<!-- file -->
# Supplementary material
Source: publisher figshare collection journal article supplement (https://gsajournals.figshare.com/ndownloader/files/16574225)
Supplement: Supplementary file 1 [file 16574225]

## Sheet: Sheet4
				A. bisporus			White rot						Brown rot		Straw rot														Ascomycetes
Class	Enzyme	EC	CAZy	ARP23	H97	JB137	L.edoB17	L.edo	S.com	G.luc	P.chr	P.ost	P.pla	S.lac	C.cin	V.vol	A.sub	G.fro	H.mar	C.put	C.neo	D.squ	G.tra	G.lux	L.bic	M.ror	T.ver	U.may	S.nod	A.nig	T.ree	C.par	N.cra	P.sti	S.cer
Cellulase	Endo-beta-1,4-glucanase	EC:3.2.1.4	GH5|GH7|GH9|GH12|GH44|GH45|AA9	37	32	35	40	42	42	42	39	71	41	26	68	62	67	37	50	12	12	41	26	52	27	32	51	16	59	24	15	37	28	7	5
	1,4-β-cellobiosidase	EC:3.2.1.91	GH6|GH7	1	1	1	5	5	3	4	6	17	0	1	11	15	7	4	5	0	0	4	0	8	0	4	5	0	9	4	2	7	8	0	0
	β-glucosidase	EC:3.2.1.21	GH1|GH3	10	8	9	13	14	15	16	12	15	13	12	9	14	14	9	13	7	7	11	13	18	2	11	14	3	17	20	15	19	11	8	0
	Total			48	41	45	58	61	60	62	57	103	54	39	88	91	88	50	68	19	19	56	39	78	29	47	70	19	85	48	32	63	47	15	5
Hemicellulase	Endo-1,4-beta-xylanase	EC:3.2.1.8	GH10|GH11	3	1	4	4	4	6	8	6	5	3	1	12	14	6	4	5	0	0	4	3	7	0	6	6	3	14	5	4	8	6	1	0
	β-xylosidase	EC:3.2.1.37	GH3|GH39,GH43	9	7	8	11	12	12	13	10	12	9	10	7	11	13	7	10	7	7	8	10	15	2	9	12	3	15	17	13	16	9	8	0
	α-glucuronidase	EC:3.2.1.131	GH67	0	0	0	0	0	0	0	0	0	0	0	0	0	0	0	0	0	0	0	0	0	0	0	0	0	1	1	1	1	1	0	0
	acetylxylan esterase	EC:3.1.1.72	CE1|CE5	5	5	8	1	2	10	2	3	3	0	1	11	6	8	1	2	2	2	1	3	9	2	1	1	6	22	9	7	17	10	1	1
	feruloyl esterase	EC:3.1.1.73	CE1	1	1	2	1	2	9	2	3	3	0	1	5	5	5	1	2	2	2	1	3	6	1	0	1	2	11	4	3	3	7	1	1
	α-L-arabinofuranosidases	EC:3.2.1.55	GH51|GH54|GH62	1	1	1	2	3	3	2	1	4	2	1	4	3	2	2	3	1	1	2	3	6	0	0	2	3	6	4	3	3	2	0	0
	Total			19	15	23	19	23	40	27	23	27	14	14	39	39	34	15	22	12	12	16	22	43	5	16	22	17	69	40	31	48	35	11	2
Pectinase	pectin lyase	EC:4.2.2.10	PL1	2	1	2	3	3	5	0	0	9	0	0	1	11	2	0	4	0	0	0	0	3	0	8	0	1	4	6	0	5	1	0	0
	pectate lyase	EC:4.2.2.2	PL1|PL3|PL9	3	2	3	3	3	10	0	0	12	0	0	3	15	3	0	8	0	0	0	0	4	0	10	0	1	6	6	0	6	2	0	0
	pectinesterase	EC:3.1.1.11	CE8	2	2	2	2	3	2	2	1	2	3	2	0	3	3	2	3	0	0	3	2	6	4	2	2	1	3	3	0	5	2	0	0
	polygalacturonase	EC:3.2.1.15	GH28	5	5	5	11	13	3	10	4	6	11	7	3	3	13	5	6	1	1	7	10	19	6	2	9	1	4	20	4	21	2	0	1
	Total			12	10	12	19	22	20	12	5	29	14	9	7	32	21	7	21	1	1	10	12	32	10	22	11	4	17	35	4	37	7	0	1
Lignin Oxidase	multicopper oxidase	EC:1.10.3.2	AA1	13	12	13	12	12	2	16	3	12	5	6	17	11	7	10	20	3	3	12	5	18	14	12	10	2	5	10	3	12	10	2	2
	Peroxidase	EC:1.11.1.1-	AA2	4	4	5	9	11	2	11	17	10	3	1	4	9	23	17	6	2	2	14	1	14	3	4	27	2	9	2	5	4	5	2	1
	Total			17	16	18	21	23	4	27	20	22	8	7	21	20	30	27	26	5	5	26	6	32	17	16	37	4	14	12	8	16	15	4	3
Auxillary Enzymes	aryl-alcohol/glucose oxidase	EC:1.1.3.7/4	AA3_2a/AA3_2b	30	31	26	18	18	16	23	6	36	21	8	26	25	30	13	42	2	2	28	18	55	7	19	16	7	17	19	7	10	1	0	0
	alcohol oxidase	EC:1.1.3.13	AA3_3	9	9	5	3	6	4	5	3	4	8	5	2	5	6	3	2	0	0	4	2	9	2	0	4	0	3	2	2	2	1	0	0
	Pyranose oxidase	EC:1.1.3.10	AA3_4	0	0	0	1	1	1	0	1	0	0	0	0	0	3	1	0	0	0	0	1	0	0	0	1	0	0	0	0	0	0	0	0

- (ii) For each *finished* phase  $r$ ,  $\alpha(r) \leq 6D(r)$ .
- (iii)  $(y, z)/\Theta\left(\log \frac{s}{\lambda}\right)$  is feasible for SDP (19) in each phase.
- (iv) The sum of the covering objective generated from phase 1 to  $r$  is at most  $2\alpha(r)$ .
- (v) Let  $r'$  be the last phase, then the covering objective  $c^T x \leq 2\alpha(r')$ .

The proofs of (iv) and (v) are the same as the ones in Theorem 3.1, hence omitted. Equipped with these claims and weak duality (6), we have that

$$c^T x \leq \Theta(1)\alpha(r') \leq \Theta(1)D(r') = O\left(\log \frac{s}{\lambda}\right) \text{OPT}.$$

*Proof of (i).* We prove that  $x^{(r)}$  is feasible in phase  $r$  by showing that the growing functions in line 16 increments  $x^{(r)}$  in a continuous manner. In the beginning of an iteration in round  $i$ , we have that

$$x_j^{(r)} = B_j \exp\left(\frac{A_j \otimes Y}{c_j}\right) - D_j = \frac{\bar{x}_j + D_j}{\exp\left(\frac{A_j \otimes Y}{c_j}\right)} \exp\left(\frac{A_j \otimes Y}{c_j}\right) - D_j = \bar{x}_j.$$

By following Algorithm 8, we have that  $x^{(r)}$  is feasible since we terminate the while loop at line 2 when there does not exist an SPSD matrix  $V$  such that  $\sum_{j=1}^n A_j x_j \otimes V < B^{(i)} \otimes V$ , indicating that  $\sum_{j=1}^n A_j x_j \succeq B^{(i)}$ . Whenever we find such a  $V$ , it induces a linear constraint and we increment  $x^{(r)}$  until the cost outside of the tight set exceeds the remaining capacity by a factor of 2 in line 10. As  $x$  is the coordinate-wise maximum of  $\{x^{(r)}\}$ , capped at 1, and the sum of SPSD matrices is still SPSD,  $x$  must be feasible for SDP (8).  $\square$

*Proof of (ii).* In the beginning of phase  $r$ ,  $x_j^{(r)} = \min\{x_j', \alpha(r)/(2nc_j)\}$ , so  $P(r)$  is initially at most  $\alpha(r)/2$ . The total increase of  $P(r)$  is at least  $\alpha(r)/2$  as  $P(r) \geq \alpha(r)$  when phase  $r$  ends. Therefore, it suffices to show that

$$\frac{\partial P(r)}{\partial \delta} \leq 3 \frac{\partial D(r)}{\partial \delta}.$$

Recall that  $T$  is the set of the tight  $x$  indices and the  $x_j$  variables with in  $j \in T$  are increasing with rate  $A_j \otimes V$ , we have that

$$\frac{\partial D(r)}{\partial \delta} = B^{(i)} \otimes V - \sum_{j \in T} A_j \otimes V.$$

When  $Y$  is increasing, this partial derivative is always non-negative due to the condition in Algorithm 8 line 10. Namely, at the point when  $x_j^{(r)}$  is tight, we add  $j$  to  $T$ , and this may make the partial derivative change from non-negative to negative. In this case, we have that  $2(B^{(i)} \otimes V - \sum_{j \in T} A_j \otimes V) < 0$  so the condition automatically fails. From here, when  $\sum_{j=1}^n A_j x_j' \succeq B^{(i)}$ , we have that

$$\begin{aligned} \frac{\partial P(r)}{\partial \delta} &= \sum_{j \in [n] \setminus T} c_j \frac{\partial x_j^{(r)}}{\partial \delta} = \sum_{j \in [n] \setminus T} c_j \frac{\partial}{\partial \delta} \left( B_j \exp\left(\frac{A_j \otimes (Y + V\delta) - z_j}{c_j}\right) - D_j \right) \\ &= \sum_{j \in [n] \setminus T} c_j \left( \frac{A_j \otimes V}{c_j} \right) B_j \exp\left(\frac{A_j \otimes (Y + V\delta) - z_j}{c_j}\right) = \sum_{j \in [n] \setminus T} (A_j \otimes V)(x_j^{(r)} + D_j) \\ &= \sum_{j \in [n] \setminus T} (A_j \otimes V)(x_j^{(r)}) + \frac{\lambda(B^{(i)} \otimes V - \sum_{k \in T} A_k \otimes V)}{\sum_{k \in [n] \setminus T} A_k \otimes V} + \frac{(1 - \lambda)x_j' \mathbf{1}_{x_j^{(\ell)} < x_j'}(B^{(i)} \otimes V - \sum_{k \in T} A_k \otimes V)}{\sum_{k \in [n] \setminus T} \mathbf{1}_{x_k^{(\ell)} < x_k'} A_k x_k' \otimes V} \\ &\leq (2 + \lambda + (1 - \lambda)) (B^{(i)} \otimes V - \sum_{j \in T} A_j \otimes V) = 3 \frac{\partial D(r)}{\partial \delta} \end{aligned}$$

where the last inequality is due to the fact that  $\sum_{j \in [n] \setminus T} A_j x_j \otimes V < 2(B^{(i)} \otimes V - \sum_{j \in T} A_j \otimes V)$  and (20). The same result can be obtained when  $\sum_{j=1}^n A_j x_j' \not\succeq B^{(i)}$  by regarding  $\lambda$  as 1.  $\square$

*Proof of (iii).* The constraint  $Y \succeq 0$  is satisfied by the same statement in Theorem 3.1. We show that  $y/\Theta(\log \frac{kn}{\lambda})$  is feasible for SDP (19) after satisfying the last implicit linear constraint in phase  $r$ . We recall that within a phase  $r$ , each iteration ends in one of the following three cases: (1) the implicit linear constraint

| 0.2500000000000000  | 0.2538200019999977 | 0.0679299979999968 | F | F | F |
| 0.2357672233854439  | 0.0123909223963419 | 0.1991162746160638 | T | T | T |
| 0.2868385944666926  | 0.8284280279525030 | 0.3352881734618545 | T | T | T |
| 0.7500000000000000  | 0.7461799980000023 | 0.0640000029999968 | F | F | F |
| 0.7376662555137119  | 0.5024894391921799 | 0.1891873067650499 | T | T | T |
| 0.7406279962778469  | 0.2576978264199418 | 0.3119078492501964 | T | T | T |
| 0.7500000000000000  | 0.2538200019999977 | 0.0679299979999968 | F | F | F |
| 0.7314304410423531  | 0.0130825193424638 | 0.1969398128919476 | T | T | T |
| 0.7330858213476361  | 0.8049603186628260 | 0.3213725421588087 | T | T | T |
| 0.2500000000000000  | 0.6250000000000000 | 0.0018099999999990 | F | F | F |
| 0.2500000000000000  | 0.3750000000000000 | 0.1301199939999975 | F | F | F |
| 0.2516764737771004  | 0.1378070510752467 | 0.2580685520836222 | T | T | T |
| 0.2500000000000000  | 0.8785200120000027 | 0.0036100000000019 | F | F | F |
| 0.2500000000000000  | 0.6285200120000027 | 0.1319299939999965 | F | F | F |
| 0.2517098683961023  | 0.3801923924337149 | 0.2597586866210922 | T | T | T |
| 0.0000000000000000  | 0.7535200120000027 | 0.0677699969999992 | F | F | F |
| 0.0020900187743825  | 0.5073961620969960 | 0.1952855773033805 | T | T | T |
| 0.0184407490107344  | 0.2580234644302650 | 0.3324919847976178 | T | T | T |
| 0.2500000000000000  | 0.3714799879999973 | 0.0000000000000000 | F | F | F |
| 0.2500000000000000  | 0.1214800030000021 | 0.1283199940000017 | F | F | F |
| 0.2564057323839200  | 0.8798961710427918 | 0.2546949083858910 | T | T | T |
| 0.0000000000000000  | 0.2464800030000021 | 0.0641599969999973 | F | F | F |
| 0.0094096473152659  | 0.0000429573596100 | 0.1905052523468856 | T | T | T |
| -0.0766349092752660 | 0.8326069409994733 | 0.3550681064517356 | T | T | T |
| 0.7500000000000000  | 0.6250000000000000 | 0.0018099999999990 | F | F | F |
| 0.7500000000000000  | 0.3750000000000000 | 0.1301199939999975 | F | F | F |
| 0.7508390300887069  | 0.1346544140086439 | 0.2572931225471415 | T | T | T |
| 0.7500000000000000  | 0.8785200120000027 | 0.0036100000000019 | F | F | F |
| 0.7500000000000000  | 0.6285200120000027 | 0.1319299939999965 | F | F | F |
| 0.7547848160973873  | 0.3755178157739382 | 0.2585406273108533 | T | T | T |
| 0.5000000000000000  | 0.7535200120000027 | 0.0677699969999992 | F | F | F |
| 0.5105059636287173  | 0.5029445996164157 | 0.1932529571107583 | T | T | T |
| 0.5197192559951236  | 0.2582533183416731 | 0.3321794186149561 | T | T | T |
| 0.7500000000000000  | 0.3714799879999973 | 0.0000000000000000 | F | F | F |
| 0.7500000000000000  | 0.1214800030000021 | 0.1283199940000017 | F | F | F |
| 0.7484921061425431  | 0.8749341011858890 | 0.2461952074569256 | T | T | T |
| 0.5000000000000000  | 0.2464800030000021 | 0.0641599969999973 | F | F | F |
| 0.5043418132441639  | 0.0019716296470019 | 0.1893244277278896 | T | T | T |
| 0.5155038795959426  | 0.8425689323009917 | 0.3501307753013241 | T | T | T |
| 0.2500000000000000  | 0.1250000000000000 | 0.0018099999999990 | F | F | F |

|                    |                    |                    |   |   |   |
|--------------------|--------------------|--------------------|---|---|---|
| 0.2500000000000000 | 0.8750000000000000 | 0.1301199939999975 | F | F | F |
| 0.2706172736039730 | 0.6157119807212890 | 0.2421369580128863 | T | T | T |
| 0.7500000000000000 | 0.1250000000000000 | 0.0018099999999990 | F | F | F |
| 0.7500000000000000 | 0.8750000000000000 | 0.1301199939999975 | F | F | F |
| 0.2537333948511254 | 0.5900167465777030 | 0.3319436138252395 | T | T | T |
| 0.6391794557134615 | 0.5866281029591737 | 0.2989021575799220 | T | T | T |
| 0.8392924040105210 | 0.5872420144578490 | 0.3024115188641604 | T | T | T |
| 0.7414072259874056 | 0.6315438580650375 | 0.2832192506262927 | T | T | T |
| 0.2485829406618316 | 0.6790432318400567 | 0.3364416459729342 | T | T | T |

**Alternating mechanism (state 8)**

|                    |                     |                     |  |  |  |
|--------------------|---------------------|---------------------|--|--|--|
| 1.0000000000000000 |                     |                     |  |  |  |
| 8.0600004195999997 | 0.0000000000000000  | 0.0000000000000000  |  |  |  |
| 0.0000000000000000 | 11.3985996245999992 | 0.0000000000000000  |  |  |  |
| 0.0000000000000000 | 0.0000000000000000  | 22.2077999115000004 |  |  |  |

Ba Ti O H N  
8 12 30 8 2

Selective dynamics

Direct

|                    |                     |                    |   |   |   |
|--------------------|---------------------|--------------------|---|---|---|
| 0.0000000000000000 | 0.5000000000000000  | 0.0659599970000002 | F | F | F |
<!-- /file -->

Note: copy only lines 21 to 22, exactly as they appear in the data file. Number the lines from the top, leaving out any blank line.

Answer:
	polygalacturonase	EC:3.2.1.15	GH28	5	5	5	11	13	3	10	4	6	11	7	3	3	13	5	6	1	1	7	10	19	6	2	9	1	4	20	4	21	2	0	1
	Total			12	10	12	19	22	20	12	5	29	14	9	7	32	21	7	21	1	1	10	12	32	10	22	11	4	17	35	4	37	7	0	1